THE HISTORY: Waterfront property has always been valuable in Miami and the Bayfront Park has been one of the most iconic properties in the city for decades. The park first opened in 1925 – rough timing, because the Great Hurricane of 1926 did some serious damage to plants in the park and even lifted a bunch of boats up and dropped them in the park. The city rebuilt and added a grotto, a waterfront rock garden, and the early version of the park’s bandshell. By the 1950s a new bandshell was built and so was a brand new library.
BOOKS BY THE BAY: Before the main library branch settled into its spot near the courthouses in Downtown Miami, it was in Bayfront Park. Completed in 1951, it was the first permanent home for Miami’s library system and stuck around for about three decades. The library was criticized when it was first built because it blocked views of the water.
A NEW ERA: By the 1980s things were changing again. The park was redesigned to include a larger promenade with a fountain (that leaders are trying to get flowing again), a monument to the astronauts who died in the Challenger space launch, and new amphitheaters. Those plans also called for demolishing the library 🙁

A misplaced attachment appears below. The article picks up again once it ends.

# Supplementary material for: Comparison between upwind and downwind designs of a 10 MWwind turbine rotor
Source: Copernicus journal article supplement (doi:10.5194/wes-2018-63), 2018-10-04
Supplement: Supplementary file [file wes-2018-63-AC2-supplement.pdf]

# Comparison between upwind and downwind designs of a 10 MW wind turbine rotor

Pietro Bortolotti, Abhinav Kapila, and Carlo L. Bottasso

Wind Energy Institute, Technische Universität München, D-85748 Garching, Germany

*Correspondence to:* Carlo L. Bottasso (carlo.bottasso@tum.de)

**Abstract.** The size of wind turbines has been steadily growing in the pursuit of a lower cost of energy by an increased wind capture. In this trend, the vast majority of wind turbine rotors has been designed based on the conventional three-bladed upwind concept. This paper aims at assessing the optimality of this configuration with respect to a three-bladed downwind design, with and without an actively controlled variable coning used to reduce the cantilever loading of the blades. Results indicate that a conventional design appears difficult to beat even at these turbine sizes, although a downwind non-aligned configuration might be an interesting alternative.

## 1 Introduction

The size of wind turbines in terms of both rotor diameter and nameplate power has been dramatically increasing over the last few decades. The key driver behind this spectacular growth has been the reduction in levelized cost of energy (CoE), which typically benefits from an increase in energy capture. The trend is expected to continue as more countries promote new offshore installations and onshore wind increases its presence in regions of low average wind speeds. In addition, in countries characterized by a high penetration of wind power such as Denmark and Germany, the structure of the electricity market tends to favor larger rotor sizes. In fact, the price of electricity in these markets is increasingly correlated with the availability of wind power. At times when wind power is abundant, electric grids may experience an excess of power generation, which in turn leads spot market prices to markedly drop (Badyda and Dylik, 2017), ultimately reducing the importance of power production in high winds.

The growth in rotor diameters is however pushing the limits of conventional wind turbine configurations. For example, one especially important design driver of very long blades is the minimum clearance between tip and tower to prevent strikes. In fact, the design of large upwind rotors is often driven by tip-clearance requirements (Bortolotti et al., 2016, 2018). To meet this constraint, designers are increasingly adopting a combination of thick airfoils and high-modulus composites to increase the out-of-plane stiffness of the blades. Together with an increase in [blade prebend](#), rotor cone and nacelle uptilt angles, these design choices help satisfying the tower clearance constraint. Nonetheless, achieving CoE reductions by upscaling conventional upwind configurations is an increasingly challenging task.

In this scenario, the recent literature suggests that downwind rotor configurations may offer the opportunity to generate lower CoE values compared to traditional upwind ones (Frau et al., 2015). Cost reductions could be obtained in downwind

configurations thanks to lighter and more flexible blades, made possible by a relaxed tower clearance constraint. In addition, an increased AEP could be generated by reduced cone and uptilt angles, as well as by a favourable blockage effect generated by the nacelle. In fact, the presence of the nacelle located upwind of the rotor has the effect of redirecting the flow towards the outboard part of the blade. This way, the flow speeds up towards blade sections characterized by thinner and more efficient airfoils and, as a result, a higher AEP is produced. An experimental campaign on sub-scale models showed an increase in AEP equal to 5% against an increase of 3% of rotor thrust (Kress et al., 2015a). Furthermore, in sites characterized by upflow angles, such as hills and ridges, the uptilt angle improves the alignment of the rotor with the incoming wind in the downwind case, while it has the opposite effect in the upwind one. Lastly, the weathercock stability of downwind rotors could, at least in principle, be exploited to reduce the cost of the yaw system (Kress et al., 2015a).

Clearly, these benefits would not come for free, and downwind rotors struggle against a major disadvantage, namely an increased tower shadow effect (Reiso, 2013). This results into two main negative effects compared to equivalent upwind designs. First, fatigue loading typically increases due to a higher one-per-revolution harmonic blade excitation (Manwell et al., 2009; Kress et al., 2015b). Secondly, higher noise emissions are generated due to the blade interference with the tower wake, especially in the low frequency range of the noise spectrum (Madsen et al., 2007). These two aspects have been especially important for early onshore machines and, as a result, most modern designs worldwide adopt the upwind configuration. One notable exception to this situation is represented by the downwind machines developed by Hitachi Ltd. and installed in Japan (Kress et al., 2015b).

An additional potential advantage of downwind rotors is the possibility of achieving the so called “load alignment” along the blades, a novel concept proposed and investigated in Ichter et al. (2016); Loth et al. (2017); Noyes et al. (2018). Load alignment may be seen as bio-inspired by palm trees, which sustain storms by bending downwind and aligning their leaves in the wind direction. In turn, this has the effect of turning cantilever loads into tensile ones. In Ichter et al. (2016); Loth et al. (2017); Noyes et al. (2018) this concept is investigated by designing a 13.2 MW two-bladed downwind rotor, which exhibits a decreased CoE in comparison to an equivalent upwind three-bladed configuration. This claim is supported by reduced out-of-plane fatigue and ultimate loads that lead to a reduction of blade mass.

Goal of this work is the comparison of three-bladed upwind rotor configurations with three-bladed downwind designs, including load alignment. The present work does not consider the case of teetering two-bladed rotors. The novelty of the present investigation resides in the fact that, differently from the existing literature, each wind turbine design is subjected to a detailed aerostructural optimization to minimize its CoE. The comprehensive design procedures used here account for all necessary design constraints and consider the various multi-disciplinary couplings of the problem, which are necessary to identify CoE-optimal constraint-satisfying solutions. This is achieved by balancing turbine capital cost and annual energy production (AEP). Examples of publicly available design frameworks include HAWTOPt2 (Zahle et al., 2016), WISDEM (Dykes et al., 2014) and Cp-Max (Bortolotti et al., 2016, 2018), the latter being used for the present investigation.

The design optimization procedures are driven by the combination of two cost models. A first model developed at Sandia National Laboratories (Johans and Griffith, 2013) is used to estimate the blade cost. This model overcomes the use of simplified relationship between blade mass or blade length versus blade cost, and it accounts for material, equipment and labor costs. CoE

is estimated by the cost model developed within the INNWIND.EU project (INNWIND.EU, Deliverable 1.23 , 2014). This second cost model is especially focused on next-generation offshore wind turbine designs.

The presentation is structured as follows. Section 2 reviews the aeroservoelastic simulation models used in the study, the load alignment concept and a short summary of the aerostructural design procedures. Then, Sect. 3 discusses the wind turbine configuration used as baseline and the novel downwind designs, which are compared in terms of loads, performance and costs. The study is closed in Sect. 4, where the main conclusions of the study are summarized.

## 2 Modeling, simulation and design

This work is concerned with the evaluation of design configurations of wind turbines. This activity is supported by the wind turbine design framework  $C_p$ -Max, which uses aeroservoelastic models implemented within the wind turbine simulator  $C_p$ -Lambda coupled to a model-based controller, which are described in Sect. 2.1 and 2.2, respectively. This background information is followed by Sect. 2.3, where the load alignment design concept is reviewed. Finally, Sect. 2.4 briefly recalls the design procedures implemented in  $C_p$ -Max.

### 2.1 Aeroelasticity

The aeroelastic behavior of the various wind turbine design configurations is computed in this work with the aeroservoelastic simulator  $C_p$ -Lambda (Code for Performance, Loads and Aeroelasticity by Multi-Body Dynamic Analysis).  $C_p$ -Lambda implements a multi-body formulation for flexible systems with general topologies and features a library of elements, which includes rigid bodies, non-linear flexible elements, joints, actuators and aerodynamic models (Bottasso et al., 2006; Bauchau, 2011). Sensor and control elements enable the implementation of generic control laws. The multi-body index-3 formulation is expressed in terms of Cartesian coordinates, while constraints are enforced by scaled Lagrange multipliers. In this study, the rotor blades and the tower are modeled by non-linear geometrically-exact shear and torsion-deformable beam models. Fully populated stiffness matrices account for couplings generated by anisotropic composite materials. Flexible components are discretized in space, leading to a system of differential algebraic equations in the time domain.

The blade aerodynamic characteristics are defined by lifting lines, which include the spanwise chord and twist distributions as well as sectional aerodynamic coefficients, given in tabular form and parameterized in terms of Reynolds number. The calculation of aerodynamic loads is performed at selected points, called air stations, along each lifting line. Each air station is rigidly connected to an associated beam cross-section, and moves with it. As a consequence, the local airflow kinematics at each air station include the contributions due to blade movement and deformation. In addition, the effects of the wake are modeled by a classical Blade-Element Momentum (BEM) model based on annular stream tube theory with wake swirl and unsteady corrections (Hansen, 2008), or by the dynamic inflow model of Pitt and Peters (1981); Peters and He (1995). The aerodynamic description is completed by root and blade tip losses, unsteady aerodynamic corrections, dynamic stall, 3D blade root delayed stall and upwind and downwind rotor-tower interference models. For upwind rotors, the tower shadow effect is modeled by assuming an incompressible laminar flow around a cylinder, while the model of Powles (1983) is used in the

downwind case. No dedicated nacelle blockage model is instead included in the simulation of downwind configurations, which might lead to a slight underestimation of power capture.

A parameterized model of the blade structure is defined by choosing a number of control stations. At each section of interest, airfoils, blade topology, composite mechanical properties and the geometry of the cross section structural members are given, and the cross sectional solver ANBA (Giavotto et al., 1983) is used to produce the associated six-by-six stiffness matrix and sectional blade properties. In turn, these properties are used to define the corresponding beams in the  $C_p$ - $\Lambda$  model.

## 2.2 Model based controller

THE FUTURE: Bayfront Park and Bayside marketplace attract thousands of tourists a day today. The park has hosted the Ultra Music Festival for years along with other concerts and Bayside remains everyone’s favorite place to get Hooters wings and airbrush t-shirts. Bayside’s currently undergoing renovations. Over at the park, FPL’s planning to build a giant solar ring over the amphitheater and there’s also the massive Skyrise Miami tower that will overlook the park and is set to be completed by 2020.
ANOTHER WILD FACT: President Franklin Roosevelt survived an assassination attempt in the park in 1933 when he spoke about plans to help the city’s residents through the Great Depression. As he finished his speech at the bandshell, a gunman opened fire. The crowd stopped him before he fired more shots.
Stay tuned on as we’ll sorta regularly flashback to pieces of Miami history. And check out this deep dive into Bayside from the Biscayne Times. If there’s any other overlooked or lesser-known Miami history you think we should look into, hit reply and let us know.